Thursday, February 07, 2008

How to Impress with Your VB.NET Skills

It is no secret that people who write in VB.NET are often looked down upon. Sometimes that can be without merit but sometimes there is a good reason as folks do not bother to learn and improve. That being said, here are some quick rules to impress people while still programming with VB.NET.

  1. Know the .NET Framework
    Seems like a no-brainer but it is mind boggling how many people switch from VB6 to VB.NET and never bother to learn the new functionality available in .NET. So here are some quick tips:
    1. Use System.IO.File.ReadAllText() for reading a complete text file instead of reading it line by line.
    2. If you need to process a file line by line, use #1 but split the text file with String.Split() with Environment.NewLine as the delimiter and then loop over the array.
    3. When you need to find something inside a string, indexOf() is not the only choice. Regular expressions are much better and more powerful.
    4. Related to #3, avoid using VB specific functions like Left(), Mid(), or Right() - use String.StartsWith(), String.EndsWith(), String.Substring() or regular expressions instead.
    5. Expanding on #4, avoid VB constructs left over from VB6. A prime example is using "vbCrLf" for inserting new lines instead of Environment.NewLine.
  2. Strive to program better
    Some of the rules below apply not to just VB.NET but to programming in general. Some of course apply only to VB.NET as for example you cannot get by compiling your program in other languages unless your variables are strongly typed (strongly typed simply means that each variable used has an assigned type at compile time such as integer, float or string).
    1. Strongly type your variables. "dim myVariable" might work for you but how do I know what data type it is. "dim myVariable as String" is much more clear.
    2. Initialize your variables. While for string this might not be needed, for complex object (such as DataTables), it is almost a must. You should simply do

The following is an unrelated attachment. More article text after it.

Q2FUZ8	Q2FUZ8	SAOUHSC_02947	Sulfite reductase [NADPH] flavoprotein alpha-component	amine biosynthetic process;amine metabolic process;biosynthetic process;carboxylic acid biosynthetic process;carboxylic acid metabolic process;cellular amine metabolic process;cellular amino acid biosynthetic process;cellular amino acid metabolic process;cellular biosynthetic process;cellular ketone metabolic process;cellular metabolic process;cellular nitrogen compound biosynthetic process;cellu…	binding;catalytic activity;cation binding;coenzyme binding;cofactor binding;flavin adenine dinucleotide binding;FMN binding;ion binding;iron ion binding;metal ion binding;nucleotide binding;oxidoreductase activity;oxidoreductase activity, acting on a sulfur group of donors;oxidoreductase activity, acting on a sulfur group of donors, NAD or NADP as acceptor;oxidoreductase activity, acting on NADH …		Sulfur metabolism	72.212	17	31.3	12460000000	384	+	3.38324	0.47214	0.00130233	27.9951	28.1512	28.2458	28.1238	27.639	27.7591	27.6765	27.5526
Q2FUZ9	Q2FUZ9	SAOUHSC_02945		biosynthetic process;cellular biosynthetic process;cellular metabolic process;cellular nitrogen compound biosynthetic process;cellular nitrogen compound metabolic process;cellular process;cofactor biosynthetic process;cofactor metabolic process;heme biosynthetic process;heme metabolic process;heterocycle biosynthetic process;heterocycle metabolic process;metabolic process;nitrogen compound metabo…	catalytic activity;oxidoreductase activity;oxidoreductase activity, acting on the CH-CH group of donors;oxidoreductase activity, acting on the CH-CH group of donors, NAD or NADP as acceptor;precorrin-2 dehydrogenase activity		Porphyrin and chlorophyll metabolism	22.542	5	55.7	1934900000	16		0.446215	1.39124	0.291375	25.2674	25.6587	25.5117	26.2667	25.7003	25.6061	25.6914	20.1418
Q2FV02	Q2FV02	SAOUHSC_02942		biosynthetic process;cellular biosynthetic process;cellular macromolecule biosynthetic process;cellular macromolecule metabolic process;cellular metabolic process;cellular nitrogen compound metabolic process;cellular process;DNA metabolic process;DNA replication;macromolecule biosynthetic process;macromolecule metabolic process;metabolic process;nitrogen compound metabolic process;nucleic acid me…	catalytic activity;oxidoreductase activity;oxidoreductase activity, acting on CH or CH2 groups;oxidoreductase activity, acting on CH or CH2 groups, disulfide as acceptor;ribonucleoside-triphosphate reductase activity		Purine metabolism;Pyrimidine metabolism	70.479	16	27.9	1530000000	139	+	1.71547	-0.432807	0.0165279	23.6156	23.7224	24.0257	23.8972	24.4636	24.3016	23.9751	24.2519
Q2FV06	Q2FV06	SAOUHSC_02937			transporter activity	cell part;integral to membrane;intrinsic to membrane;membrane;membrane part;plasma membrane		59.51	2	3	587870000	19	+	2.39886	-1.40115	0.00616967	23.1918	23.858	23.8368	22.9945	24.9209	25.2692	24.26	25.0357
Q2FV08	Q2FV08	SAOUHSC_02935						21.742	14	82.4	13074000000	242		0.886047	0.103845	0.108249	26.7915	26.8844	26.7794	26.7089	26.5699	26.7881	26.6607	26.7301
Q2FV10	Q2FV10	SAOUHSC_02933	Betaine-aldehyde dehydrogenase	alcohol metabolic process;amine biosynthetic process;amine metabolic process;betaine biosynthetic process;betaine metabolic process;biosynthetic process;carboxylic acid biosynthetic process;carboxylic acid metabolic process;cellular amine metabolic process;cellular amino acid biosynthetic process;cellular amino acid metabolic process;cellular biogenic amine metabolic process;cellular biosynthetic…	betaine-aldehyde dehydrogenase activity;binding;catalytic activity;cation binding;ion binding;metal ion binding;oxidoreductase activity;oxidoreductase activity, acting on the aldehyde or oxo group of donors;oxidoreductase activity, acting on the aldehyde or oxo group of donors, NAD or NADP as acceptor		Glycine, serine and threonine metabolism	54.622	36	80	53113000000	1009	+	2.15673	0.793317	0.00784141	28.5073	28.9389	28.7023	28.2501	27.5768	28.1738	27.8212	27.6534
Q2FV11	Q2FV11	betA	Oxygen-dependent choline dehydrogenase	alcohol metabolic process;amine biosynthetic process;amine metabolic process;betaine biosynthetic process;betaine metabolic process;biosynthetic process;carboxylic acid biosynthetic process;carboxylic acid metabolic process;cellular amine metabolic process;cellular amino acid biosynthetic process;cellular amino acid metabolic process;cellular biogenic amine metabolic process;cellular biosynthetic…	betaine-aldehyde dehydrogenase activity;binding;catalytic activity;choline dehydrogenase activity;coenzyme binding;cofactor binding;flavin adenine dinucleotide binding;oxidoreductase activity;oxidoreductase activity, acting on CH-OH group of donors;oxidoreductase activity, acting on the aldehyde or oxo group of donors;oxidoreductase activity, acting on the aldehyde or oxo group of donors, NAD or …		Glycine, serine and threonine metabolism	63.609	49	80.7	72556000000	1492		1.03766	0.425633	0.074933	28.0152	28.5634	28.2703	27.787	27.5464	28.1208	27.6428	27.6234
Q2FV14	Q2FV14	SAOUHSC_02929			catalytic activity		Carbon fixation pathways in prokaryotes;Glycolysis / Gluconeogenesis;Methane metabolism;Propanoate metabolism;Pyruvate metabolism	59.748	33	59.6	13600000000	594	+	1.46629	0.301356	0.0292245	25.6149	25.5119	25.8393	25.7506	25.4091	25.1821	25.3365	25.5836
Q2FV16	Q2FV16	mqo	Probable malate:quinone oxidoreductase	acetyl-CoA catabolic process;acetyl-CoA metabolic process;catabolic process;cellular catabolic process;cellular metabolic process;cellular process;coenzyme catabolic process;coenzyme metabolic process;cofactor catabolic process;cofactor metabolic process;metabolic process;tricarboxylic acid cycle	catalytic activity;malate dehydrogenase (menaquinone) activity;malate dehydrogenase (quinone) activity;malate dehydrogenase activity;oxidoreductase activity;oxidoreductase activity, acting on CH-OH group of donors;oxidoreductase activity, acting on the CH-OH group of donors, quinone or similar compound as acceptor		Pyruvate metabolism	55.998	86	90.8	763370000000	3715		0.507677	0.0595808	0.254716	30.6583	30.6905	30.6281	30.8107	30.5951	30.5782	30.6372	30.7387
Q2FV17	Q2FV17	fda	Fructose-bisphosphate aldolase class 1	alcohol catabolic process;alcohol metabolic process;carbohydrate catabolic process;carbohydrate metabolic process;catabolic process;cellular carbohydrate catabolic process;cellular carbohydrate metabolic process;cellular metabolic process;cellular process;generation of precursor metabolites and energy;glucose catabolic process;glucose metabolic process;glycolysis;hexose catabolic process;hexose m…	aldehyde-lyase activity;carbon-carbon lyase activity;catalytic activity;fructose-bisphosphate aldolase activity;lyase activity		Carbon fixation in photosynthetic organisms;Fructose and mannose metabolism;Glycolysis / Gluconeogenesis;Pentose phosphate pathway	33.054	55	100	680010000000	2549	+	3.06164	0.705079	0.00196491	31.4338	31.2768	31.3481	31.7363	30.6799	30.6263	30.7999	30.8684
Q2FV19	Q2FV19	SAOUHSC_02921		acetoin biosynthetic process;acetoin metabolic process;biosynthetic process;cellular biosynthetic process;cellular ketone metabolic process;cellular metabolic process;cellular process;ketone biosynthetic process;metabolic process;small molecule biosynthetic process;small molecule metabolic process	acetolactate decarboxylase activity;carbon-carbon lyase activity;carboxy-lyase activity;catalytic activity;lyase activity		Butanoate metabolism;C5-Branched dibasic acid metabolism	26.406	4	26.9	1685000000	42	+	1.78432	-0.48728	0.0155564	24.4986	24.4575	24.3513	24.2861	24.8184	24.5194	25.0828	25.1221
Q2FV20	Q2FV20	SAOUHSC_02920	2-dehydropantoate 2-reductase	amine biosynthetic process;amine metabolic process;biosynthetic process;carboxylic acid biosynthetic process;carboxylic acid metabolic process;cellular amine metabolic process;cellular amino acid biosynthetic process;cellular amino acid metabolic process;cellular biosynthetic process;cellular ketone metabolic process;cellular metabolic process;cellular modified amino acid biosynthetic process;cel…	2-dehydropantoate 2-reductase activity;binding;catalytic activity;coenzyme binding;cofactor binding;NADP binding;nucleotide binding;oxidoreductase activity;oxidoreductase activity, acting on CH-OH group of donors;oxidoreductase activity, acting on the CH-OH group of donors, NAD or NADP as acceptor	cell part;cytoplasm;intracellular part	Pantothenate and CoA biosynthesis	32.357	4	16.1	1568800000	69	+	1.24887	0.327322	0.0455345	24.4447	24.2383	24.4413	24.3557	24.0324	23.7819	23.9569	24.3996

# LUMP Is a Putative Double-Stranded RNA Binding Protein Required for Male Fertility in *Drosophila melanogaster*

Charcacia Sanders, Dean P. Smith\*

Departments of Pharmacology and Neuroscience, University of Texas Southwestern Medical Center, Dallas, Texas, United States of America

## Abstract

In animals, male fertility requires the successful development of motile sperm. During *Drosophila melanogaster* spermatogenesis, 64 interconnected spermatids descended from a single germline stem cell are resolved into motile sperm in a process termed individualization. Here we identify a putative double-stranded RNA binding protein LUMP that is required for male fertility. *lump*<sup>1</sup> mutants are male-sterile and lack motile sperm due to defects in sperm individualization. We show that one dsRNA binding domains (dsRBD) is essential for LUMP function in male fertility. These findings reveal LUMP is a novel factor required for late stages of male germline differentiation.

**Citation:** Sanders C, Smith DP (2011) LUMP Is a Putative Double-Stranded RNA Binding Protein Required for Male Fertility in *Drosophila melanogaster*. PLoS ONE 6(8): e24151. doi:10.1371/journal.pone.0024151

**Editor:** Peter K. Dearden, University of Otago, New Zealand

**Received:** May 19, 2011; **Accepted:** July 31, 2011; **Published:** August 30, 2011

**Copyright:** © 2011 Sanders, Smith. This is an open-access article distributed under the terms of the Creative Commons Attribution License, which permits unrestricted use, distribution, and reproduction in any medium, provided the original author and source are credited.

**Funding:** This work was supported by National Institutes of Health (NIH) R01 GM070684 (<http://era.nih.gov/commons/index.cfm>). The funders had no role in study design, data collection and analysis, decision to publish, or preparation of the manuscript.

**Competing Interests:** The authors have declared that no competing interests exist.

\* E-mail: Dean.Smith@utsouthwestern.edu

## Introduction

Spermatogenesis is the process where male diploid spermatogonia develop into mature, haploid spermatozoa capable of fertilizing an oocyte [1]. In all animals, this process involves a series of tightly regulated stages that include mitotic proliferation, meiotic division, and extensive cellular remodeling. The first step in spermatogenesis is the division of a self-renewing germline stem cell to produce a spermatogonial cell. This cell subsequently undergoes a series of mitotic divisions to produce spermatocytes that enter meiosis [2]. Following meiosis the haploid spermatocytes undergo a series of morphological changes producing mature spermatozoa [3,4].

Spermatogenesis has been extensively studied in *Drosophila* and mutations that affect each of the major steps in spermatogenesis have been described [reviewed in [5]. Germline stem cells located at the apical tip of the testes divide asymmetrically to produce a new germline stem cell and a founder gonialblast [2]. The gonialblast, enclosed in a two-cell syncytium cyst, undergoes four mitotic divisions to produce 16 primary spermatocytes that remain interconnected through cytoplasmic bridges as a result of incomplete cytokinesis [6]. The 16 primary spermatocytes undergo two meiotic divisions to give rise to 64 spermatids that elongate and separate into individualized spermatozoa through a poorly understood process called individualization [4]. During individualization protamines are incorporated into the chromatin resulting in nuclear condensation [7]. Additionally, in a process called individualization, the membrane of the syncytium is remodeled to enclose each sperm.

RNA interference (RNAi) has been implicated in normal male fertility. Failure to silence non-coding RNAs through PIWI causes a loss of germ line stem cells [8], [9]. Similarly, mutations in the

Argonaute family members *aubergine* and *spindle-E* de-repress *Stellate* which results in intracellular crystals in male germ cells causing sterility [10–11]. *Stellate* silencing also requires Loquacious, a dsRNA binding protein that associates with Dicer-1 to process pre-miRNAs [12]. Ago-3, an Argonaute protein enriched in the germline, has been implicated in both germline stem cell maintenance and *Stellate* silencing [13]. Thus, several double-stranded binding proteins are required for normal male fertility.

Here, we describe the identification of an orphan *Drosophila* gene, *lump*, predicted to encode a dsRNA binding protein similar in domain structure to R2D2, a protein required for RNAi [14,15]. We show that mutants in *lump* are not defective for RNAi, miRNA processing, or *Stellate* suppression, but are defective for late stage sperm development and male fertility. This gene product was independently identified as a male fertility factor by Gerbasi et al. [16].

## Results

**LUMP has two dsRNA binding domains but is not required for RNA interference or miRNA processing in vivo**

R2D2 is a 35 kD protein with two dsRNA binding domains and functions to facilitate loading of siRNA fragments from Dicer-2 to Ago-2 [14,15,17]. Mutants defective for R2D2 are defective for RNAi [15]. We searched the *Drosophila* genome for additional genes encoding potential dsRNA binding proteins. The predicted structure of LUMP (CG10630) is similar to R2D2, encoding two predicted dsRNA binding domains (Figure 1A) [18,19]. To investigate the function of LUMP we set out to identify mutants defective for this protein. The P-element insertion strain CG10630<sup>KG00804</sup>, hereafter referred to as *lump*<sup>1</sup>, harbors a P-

dim myData as New DataTable

      dim myStringData as String = String.Empty
    3. Settle on a naming convention that works for you. I name my private member variables starting with "m_" while my public properties have the same name without the "m_". Methods and functions are named in with camel case as in "doSomething()". Whatever you decide is great as long as you are consitant and you stick to it.
    4. Do not explicetly check a boolean value for "False". Instead of
      If Directory.Exists(tempPath) = false Then
      If Not Directory.Exists(tempPath) Then
    5. Use Path.Combine() to combine file system paths intead of concatinating strings with "&" or "+"
    6. Use String.Format() when outputting strings instead of simple concatenation:
      String.Format("{0}, {1}, {2}", row.Item("videoID"), row.Item("videoTitle"), row.Item("videoDate"))
    7. Do not assume the data type. A data table row may contain a string value but still use Convert.ToString() to get the value as
    8. Related to #3, enable "Option Explicit" and "Option Strict" in your VB.NET projects. This will catch many potential errors at compile time and not let you build your program unless you correct the issues.
  3. Do not reinvent the wheel
    This point goes hand in hand with knowing the .NET framework but I feel it is worth mentioning on it's own. .NET has so many methods and functions you can use to write your application. Furthermore, there are plenty of open source projects written for all kinds of things:
    1. Log4Net for file, event, or trace logging.
    2. NAnt for task automation through XML build files and inline scripting
    3. SubSonic, NHibernate or dozen other projects for database access
    4. Check out .NET Zone, CodePlex, CodeProject or even Google before writing your own implementation. If you need something that can be useful in more than one occasion, it is very likely that somebody else has already written it. You can easily convert code from C# to VB.NET with a dozen of free tools such as the one found at
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